October 28th, 7 pm

This program features archival video from Portable Channel (USA) and the Palestine Film Unit (Palestine), two collectively organized activist groups that used film and video to document, discuss and distribute information that was not accurately or adequately represented in mainstream media.
*PROOF OF VACCINATION REQUIRED FOR ENTRY. Face Masks must be worn by all participants.

  • Formed in Jordan in 1968 by Mustafa Abu Ali, Hani Jawharieh and Sulafa Jadalah, the Palestine Film Unit became the film-wing of the Palestine Liberation Organization, producing militant documentaries for some fourteen years. Shooting on 16mm film cameras, the members of the PFU collected documentation from below, on battlefields and in refugee camps, forging an image of Palestine the world had yet to see. Theirs was a self-representation born of necessity, developed for and through the struggle for Palestine’s liberation. Editing from footage gathered collectively, they released films in response to the developments of the revolution, producing a cinematic language in conversation with anti-imperialist struggles from Cuba to Vietnam.

    They Do Not Exist (1974) – 25 mins
    Shooting under extraordinary conditions, Mustafa Abu Ali covers conditions in Lebanon’s refugee camps, the effects of Israeli bombardments, and the lives of guerrillas in training camps. They Do Not Exist is a stylistically unique work which explodes at the intersection between the political and the aesthetic.
    Children Nevertheless (1980) – 22 mins
    Shot in Tel al-Zaatar refugee camp in “The International Year of the Child,” Children Nevertheless juxtaposes the principles of the International Convention of the Rights of the Child with the reality orphaned Palestinian children. The orphanage which provides the context for much of the film was founded by the General Union of Palestinian Women, of which director Khadijah Habashneh was a founding member.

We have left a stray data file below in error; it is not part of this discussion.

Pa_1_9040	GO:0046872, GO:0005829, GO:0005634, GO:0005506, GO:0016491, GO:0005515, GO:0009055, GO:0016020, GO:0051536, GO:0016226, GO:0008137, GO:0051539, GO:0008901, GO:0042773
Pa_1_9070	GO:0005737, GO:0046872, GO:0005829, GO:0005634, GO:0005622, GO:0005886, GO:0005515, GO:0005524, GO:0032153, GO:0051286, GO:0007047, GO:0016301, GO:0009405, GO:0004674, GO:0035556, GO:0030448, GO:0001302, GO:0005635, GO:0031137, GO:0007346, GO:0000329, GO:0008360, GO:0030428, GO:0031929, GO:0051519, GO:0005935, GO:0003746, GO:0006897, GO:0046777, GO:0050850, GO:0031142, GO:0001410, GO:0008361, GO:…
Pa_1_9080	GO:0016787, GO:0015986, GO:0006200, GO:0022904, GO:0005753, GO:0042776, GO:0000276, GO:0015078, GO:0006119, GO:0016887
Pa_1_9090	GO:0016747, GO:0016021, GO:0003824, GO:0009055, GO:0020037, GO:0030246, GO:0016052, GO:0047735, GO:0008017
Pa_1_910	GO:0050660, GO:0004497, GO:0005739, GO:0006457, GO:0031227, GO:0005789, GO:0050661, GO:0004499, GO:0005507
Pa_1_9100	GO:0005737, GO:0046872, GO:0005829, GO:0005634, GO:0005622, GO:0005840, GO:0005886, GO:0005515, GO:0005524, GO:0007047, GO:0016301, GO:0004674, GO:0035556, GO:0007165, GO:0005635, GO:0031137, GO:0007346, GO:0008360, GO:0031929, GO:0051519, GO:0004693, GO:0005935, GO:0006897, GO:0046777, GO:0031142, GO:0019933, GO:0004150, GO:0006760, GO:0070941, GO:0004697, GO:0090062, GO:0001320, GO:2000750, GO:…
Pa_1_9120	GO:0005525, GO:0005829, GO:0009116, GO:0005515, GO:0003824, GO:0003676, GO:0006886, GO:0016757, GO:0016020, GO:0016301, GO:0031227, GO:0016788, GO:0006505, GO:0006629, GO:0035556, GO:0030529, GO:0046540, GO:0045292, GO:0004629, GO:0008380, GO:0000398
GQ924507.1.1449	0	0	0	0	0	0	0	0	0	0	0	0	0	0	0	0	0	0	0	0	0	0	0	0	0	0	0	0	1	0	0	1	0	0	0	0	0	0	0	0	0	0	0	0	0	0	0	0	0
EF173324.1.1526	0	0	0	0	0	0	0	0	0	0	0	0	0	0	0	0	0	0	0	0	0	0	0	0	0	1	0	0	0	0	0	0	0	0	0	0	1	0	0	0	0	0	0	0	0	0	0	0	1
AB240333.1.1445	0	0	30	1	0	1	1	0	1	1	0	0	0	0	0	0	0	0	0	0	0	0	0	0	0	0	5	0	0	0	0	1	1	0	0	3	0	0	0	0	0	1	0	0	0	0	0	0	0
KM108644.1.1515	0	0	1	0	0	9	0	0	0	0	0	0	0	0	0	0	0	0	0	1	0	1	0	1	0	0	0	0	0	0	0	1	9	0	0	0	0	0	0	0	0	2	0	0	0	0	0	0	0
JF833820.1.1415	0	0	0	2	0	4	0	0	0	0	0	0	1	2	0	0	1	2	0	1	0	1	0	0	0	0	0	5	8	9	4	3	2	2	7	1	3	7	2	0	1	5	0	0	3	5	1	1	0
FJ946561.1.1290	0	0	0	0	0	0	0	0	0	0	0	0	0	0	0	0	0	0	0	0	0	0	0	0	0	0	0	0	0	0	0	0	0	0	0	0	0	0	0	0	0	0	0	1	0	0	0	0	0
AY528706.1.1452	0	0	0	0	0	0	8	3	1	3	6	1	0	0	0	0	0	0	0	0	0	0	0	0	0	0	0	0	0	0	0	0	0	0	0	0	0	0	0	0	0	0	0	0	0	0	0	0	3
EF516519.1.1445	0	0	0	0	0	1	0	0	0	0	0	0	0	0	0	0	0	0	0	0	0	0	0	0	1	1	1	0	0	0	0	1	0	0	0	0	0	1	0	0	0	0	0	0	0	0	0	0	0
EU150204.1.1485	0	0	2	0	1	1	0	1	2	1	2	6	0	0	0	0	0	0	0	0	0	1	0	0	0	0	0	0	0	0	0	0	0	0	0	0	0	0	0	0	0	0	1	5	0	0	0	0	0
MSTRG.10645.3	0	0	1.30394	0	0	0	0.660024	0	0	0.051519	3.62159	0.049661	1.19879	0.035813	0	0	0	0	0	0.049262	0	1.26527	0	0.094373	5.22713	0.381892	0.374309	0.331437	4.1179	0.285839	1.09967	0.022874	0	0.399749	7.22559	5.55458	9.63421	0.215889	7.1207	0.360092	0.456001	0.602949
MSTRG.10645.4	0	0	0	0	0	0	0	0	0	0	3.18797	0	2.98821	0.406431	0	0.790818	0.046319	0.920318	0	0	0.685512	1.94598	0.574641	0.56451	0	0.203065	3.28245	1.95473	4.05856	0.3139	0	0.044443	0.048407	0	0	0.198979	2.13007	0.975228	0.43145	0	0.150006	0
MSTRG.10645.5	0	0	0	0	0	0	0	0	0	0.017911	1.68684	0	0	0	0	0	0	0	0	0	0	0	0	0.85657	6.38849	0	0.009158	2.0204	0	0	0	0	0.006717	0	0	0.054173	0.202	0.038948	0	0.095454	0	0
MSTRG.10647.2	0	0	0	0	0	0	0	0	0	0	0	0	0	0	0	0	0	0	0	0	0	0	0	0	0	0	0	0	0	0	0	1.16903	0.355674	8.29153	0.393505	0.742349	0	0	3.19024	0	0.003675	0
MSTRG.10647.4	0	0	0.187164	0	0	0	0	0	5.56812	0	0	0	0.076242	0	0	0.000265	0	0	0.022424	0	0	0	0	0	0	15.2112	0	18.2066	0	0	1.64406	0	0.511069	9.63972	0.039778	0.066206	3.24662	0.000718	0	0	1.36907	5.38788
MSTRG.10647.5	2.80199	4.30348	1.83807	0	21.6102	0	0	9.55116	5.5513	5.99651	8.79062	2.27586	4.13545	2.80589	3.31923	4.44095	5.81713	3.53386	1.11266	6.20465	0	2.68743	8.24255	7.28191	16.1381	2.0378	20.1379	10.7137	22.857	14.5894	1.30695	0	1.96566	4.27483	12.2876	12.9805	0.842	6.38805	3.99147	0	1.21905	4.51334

• Portable Channel was a Rochester, NY non-profit (1971–1987) founded by documentary filmmaker and activist Bonnie Sherr Klein. Portable Channel facilitated community access to video equipment, provided training, and produced programs with an emphasis on community activism and documentary work. Their mission was to develop television into a medium for social dialog and artistic expression, with production by and for people within a community. Under Klein’s leadership (1971- 1975) Portable Channel developed a relationship with the public television station WXXI-TV, who gave the group a monthly slot that aired their program HOMEMADE TV. Portable Channel’s legacy to document citizens’ perspectives on race, policing, imprisonment, the environment, women and gender, independent news media, and the presentation of experimental video art is uniquely in dialog with social and political concerns now, nearly 50 years later. VSW owns the PC archives and has digitized 200 of the earliest videotapes in the collection.


  • Rochester's Portable Channel Video Collective
  • This is the fourth program in the Framing Struggle series. Tracing image production strategies developed within and alongside social movements here and elsewhere, this four part film series sets out to produce a new discursive space for reading movies as expressions of solidarity.  Curated by Casey Asprooth Jackson